Abraham asks: Won’t the judge of all the earth do right? Answer: Ha! Not likely.

Jacob’s questions

Jacob asks Laban: What have you done to me? Answer: Facilitated a rape by deception.

Jacob asks Laban: What is my crime? How have I wronged you? What do I have that belongs to you? Answer: Well, you did trick him into giving you all his best livestock

Jacob asks Joseph: What is this dream you had? Answer: It’s a dream! About astronomical objects! That are capable of bowing down, somehow!

Jacob asks Joseph: Will your mother and I and your brothers actually come and bow down before you? (Implied answer for dramatic irony: Yes.) Real answer: No, his mother isn’t even alive anymore, in case you didn’t notice your favorite wife dying.

Jacob asks his sons: Why do you just keep looking at each other? Answer: Because they haven’t heard about the grain in Egypt?

Jacob asks his sons: Why did you tell the man you had another brother? (Their answer: Because the man asked them. Except he hadn’t, actually.) Real biblical answer: Because they were trying (and failing) to think of something to say that would prove they weren’t spies.

Jacob asks: Who are these boys? Answer: Your grandsons. The ones you were claiming as your sons just now.

Joseph’s brothers’ questions

Simeon and Levi ask: Should Shechem have treated our sister like a prostitute? Answer: Yes, offering her something that gives her a reason to agree to have sex would certainly have been an improvement over just raping her. Good idea.

Joseph’s brothers ask him: Do you intend to reign over us? Answer: No, he doesn’t.

Joseph’s brothers ask him: Will you actually rule us? (Implied answer for dramatic irony: Yes.) Real answer: No, he’ll rule Egypt.

Reuben asks his brothers: Didn’t I tell you not to sin against Joseph? Answer: No, you only told them not to kill him.

Joseph’s brothers ask: What is this that God has done to us? Answer: God didn’t do it. Your cruel brother did.

Joseph’s brothers ask: How were we to know the man would say “Bring your brother here”? Answer: Well, he had already expressed skepticism about your story, so you should have expected him to want some proof.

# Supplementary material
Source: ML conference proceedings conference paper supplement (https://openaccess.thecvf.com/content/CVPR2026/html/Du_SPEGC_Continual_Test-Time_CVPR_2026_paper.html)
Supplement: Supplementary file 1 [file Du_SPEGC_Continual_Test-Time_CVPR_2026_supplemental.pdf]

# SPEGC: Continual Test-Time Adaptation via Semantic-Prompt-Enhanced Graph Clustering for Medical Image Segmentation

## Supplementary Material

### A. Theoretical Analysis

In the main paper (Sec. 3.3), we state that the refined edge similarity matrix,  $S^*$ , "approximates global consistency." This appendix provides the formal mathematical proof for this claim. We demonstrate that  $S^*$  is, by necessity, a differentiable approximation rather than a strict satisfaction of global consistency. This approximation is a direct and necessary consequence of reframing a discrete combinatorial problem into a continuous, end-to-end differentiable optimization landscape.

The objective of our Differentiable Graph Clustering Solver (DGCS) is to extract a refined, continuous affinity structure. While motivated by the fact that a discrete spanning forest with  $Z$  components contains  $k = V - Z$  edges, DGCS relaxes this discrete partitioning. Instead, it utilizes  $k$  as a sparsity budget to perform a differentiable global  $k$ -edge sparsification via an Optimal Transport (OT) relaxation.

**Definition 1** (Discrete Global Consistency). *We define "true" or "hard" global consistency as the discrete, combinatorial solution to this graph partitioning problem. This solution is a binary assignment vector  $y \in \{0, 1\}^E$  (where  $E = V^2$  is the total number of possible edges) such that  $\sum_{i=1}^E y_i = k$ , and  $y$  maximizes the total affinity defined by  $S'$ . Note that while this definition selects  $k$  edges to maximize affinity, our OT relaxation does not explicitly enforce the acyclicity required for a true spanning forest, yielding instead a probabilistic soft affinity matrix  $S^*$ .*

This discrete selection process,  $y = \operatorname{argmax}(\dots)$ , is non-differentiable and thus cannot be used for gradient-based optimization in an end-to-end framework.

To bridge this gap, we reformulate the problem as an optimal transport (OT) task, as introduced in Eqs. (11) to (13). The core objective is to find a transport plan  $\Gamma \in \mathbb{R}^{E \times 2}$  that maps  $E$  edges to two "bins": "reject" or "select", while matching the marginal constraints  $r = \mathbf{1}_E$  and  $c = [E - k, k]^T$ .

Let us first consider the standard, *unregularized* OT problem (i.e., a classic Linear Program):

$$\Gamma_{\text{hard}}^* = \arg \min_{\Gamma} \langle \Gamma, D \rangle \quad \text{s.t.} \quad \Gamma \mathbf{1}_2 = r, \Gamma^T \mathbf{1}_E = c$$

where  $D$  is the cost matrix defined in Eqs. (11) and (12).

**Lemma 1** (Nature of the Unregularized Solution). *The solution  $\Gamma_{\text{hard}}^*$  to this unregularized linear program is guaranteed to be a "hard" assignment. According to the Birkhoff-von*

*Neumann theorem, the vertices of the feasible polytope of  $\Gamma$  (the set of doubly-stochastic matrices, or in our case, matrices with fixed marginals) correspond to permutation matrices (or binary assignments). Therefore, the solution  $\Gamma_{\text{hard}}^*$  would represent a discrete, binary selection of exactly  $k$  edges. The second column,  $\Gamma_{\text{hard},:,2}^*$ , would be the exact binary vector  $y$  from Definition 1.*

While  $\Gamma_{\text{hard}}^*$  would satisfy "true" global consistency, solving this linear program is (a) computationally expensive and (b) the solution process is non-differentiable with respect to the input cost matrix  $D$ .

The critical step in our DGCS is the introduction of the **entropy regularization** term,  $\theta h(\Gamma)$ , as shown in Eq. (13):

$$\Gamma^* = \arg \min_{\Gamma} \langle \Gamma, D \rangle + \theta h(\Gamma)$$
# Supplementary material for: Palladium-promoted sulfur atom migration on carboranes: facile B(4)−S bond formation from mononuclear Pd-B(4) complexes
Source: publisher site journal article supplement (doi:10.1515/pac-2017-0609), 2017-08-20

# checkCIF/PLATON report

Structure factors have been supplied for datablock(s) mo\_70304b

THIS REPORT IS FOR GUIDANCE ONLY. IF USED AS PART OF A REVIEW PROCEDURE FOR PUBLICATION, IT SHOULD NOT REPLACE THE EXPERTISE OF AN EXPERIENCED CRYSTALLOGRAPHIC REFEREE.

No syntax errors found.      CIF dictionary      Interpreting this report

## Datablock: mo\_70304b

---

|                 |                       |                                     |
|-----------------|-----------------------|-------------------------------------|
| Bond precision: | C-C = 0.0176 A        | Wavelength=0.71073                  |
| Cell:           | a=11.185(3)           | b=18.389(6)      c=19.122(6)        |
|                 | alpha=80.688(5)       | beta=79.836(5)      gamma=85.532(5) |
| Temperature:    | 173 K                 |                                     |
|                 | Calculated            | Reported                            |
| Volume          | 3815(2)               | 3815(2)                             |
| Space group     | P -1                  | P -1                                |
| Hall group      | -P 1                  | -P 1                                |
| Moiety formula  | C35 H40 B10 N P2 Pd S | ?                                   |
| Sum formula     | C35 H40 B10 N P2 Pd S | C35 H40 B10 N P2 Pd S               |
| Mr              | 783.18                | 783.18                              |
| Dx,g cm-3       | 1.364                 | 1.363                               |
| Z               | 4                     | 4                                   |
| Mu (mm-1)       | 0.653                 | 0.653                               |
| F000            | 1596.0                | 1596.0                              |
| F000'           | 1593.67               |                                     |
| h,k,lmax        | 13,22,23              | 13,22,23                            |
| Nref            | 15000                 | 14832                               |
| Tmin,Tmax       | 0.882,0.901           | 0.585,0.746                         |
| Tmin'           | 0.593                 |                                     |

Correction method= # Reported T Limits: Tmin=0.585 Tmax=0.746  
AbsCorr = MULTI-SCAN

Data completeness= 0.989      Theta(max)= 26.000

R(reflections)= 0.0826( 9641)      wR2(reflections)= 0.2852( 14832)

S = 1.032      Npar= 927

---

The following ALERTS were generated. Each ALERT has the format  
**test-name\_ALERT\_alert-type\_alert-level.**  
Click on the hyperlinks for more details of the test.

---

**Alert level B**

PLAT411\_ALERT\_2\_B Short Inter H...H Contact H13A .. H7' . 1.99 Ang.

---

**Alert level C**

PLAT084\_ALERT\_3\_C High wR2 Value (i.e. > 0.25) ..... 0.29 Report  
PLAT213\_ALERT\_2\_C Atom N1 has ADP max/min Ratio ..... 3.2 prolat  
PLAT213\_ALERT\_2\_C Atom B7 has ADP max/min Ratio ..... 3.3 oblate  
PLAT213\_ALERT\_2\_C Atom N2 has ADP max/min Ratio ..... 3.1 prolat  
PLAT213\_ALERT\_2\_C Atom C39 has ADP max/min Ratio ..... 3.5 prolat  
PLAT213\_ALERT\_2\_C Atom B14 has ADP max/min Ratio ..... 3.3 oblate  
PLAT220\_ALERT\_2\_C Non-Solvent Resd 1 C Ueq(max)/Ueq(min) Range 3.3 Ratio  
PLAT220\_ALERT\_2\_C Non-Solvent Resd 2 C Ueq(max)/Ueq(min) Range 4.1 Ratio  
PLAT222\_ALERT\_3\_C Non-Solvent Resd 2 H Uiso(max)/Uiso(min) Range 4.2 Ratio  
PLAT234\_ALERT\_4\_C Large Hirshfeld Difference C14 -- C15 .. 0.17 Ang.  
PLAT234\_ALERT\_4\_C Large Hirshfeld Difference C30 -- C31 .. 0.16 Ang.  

Joseph’s brothers ask the steward who accused them of theft: Why do you say such things? Answer: Because Joseph told him to.

Joseph’s brothers ask Joseph’s steward: Why would we steal silver or gold from your master? Answer: Well, if the silver cup is a divination tool, they might have stolen that so that Joseph wouldn’t be able to find out what happened to the other silver they supposedly stole. It wouldn’t be the first time they stole from him

Judah asks: How can I go back to my father if his favorite remaining son doesn’t go back with me? Bible-based answer: You could try murdering your own children. That would definitely make everything okay! /s

Joseph’s brothers ask: What if Joseph holds a grudge against us and pays us back for all the wrongs we did to him? Answer: Then I guess you’ll become slaves. But it looks like you’ve already decided you’re going to be his slaves, so no big deal, right?

Joseph’s questions

Joseph asks: How could I do such a wicked thing as going to bed with my master’s wife? Answer: Well, you could go into the house to attend to your duties, when none of the household servants are around, and… Oh wait, you weren’t actually asking for advice on doing it, were you?

Joseph asks: Do not interpretations belong to God? (Implied answer: Yes.) Alternative biblical answer: Nah, interpreting omens is for detestable godless heathens.

Joseph sends a steward to ask his brothers: Why have you repaid good with evil? Answer: You haven’t just been doing good, Joseph. You’ve also done plenty of evil things to them.

Joseph asks his brothers: What is this you have done? (Implied answer: They’ve done something wrong.) Real answer: They’ve tried to take some more food to their starving father, and you’ve prevented them.

Joseph asks his brothers: Don’t you know that a man like me can find things out by divination? Answer: If they had known that, that would have been a potential reason for them to want to steal your divination tool, rather than a reason not to steal it.

Joseph asks: Is my father still living? Answer: Yes, obviously. Didn’t you just hear your brother worrying about how his father would react if you made them go back to him without Benjamin?

Joseph asks: Am I in the place of God? Answer: If God is everywhere, then yeah, I guess you must be. Every place is the place of God. Therefore, everyone is in the place of God.

For more answers, see part 2.

Share this post:

Leave a Reply

Your email address will not be published. Required fields are marked *